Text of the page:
It should be clear to anyone by now that if the programs of family destruction that did so much to destroy the social coherence of Native communities continue to be implemented in the rest of Canadian society, the rest of Canada will eventually reach the level of social disruption prevalent in the Native communities.  The current trends seem to be evolving in that direction.  It is the road to an absolute social disaster.

There is little consolation in finding that the solution to "NEEDS ACTION: The reform of child welfare systems must continue across the country and Canadians must develop effective community responses to families at risk," on page 15 of their report,  is a call for increasing the government's escalation of the cause of that problem by "tak[ing] children into care." 

Another proposal mentioned on page 16 of the report, to provide more welfare support to families in need and at risk (who incidentally are largely fatherless, single-mother-headed families), is not likely to evoke confidence in the ability of the government to take over from fathers the role of provider, protector and mentor of Canada's children.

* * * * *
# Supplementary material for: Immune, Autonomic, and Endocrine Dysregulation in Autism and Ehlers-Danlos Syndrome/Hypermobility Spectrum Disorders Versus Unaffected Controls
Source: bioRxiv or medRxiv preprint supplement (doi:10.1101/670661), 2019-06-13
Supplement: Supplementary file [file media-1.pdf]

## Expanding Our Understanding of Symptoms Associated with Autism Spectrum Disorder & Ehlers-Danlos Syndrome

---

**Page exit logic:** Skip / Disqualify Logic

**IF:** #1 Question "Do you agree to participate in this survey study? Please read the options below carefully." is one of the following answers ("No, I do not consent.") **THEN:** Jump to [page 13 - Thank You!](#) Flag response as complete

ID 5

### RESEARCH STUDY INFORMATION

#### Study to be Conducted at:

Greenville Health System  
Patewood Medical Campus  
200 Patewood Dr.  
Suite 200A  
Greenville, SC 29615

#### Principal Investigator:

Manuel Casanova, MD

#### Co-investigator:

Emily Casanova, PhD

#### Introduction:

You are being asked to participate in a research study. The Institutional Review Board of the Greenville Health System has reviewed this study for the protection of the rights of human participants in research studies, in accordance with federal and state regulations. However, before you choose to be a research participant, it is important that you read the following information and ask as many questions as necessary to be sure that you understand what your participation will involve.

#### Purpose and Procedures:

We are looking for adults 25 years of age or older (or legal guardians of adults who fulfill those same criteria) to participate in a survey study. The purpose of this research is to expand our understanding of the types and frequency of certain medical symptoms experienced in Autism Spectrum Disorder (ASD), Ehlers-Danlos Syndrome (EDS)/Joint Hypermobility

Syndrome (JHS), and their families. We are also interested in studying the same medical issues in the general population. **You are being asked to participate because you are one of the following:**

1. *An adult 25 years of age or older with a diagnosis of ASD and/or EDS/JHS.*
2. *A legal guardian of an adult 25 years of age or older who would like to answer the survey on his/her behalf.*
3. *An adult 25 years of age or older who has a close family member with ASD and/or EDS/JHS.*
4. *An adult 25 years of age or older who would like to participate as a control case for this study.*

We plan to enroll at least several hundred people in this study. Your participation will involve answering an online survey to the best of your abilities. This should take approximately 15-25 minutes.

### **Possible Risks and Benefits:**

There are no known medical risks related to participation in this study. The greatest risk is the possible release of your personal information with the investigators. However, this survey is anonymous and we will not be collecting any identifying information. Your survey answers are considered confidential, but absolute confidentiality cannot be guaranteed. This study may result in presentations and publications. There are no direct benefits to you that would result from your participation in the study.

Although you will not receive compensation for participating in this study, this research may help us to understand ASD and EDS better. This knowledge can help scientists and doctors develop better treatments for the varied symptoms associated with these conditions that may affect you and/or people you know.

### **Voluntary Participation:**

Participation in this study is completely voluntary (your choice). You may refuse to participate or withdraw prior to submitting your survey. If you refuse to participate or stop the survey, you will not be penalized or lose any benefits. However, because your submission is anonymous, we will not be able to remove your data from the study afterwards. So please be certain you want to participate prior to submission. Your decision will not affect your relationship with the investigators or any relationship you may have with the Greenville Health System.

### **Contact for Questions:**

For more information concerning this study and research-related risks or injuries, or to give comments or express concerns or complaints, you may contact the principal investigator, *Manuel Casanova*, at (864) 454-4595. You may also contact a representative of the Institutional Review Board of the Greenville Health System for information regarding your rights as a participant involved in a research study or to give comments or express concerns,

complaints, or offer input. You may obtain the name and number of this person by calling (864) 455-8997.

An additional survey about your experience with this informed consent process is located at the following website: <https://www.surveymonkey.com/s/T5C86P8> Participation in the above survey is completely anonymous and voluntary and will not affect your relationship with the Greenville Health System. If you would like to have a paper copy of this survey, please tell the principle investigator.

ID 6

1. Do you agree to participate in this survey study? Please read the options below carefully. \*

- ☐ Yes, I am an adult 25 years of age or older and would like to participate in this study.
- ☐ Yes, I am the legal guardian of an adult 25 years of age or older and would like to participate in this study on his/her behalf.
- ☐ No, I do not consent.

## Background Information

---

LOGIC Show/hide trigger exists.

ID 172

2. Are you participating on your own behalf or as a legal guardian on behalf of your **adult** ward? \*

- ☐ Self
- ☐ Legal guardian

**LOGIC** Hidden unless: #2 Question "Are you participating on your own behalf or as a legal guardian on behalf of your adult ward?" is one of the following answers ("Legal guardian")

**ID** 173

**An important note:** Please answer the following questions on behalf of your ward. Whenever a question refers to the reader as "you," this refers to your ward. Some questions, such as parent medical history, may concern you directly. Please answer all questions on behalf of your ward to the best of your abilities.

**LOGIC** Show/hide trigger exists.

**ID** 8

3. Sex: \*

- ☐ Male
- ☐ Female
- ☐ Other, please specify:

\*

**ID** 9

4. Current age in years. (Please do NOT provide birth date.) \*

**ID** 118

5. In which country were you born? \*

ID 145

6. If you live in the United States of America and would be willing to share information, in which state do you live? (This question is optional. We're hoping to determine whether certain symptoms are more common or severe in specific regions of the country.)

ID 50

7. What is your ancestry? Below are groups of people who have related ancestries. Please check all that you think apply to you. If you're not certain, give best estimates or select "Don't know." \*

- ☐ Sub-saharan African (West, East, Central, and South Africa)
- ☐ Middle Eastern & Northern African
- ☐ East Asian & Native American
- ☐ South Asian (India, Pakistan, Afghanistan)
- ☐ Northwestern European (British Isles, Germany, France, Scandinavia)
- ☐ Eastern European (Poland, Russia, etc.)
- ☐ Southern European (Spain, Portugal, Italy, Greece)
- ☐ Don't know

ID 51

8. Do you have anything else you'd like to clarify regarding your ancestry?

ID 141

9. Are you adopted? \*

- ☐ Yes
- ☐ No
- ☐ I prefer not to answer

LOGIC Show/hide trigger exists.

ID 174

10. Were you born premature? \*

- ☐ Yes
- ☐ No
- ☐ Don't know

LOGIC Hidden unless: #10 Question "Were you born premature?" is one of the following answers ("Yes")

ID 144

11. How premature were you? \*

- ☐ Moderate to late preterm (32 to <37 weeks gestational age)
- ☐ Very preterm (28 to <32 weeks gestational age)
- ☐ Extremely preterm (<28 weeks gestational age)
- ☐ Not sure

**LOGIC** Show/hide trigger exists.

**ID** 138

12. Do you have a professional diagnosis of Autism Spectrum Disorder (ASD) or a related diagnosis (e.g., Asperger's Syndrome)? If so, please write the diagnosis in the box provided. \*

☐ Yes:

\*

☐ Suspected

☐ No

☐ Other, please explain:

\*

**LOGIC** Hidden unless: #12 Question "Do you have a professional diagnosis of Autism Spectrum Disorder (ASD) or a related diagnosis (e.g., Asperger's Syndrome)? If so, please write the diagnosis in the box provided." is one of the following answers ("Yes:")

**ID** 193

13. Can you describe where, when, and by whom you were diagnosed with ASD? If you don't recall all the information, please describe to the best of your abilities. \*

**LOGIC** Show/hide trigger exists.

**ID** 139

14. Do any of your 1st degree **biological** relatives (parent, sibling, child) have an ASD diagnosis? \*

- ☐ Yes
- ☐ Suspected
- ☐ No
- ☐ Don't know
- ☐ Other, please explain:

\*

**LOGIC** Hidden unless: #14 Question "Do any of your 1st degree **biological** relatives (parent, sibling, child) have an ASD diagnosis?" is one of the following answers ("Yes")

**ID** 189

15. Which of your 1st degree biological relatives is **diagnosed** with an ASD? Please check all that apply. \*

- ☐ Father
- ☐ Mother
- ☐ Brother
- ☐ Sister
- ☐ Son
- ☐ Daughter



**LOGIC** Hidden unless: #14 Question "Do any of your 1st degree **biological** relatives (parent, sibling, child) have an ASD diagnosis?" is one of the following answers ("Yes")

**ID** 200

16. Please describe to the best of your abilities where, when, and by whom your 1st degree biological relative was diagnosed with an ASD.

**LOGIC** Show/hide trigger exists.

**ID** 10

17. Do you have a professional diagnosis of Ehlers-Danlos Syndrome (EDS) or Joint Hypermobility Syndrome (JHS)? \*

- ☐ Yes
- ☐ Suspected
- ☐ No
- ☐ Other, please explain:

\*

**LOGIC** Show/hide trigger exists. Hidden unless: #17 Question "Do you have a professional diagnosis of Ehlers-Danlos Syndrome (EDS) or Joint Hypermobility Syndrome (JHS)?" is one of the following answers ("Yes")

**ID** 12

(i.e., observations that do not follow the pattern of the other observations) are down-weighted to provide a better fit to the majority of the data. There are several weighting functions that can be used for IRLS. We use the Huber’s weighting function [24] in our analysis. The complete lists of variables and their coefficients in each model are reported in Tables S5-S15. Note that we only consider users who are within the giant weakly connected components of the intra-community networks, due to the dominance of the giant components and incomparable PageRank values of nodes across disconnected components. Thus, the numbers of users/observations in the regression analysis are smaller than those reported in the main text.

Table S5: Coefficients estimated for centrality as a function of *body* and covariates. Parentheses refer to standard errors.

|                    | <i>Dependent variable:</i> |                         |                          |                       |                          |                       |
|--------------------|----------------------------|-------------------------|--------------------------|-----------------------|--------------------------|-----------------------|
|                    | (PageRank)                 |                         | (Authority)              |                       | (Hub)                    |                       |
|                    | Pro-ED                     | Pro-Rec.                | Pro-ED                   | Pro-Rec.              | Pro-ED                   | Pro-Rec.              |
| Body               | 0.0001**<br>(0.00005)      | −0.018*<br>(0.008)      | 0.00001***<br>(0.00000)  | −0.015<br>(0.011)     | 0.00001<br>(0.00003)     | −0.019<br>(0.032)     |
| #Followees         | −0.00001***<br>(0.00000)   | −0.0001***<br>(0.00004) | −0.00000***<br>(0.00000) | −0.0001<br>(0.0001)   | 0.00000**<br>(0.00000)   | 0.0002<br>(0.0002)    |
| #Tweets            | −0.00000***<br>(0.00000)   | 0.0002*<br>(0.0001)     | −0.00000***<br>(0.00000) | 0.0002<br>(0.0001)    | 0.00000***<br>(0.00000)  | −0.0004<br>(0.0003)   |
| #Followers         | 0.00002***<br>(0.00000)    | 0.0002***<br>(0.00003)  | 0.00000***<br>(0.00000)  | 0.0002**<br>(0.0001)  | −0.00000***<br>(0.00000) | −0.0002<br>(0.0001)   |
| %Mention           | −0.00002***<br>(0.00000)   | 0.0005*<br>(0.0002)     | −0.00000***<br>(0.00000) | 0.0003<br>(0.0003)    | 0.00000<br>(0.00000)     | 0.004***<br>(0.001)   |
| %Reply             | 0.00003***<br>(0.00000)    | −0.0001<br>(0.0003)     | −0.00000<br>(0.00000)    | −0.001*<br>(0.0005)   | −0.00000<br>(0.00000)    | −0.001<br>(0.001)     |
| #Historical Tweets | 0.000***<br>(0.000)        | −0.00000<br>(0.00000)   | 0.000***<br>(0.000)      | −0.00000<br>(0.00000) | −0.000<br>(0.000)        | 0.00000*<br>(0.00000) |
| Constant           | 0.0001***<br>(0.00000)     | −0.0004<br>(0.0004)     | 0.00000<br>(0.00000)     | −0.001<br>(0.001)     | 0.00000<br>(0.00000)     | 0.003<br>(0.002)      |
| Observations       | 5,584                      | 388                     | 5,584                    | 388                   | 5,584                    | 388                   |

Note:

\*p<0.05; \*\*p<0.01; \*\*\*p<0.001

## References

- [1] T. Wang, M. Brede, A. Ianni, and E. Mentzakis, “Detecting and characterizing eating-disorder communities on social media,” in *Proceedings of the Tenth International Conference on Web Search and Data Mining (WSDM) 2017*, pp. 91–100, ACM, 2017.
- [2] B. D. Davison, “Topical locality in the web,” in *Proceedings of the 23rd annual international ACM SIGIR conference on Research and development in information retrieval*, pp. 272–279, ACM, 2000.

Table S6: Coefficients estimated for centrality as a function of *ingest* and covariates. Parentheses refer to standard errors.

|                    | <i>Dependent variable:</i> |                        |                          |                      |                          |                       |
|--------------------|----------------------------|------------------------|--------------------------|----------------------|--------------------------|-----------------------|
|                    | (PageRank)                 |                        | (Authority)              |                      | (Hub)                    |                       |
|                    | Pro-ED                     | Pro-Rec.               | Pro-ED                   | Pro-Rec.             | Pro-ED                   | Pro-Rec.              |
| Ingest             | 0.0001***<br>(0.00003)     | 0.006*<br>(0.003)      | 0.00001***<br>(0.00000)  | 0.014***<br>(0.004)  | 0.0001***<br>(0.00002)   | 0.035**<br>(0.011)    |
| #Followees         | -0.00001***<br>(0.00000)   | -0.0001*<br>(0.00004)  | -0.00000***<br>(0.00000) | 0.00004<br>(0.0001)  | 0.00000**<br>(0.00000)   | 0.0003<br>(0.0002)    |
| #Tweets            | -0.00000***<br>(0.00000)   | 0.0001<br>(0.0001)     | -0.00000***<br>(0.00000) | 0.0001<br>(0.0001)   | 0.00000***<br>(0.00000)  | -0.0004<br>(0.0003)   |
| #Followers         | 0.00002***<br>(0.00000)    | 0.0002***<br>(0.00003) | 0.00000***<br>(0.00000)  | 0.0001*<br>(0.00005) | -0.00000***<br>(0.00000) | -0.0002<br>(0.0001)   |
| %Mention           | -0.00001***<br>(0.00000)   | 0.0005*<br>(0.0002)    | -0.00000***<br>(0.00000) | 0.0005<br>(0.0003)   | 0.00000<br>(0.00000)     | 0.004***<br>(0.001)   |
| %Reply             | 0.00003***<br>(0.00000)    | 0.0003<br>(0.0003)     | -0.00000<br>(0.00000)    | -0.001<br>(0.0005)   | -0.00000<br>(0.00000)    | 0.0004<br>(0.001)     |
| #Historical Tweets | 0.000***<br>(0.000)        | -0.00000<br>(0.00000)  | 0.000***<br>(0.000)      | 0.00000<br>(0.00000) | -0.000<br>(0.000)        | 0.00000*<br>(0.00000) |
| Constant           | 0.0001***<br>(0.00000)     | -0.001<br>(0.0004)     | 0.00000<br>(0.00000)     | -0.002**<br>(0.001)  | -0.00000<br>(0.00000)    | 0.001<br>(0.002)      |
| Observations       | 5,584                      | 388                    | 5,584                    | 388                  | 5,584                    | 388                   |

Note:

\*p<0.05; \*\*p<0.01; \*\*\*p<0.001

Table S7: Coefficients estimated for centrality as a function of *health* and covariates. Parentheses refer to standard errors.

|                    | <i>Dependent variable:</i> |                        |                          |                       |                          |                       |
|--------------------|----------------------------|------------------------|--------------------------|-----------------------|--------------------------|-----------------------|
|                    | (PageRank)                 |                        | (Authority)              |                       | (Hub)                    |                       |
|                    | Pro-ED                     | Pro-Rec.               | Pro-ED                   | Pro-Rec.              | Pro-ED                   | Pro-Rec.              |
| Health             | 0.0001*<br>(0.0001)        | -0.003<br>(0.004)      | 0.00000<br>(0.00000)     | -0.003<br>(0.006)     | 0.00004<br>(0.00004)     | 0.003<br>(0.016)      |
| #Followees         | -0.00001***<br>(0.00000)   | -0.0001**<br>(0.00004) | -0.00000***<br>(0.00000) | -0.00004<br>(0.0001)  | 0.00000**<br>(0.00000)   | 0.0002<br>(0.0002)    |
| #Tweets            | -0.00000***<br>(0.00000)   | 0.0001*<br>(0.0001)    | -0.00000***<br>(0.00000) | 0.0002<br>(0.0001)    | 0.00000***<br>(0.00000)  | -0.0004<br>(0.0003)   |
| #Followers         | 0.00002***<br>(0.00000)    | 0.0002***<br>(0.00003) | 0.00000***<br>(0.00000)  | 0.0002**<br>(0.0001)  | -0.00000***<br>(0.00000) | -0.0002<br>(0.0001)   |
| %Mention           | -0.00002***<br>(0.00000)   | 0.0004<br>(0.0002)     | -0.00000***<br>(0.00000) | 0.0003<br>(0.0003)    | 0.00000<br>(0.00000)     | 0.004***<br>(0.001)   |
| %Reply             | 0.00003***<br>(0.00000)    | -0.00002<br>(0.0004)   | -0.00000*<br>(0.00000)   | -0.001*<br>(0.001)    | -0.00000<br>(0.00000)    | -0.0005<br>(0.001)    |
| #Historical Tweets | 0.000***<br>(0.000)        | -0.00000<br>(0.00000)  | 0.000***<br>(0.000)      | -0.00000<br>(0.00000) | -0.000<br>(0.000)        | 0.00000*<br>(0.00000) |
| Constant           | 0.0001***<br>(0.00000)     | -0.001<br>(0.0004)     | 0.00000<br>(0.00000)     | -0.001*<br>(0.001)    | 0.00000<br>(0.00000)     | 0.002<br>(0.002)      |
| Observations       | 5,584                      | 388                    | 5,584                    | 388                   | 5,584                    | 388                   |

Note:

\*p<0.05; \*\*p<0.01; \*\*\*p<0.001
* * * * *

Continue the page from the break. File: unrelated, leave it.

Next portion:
On page 17 of the report it is suggested that to restrict families with handicapped children from entering Canada is a violation of their rights.

RIGHTS ALERT: The federal Immigration Act discriminates on the basis of disability because s. 19(1)(a)(ii) allows a family's application to immigrate to Canada to be rejected if a child would place excessive demands on health or social services. 

It is very debatable that the right to enter Canada is an established fact.  At best, such a right is no more than a privilege that may be granted or not.  Let's be realistic here.  If we want to bring about the reduction in the number of children at risk, it seems hardly practical to provide incentives to families with such children to attract them to Canada, while other countries do not.

There are two exceptions to the general trend exhibited in the CCRC report, of seeing families in a negative light with respect to children.  One of those is at on page 20.  There, families are mentioned in a positive light, rather than as being the breeding ground for problems that put children at risk.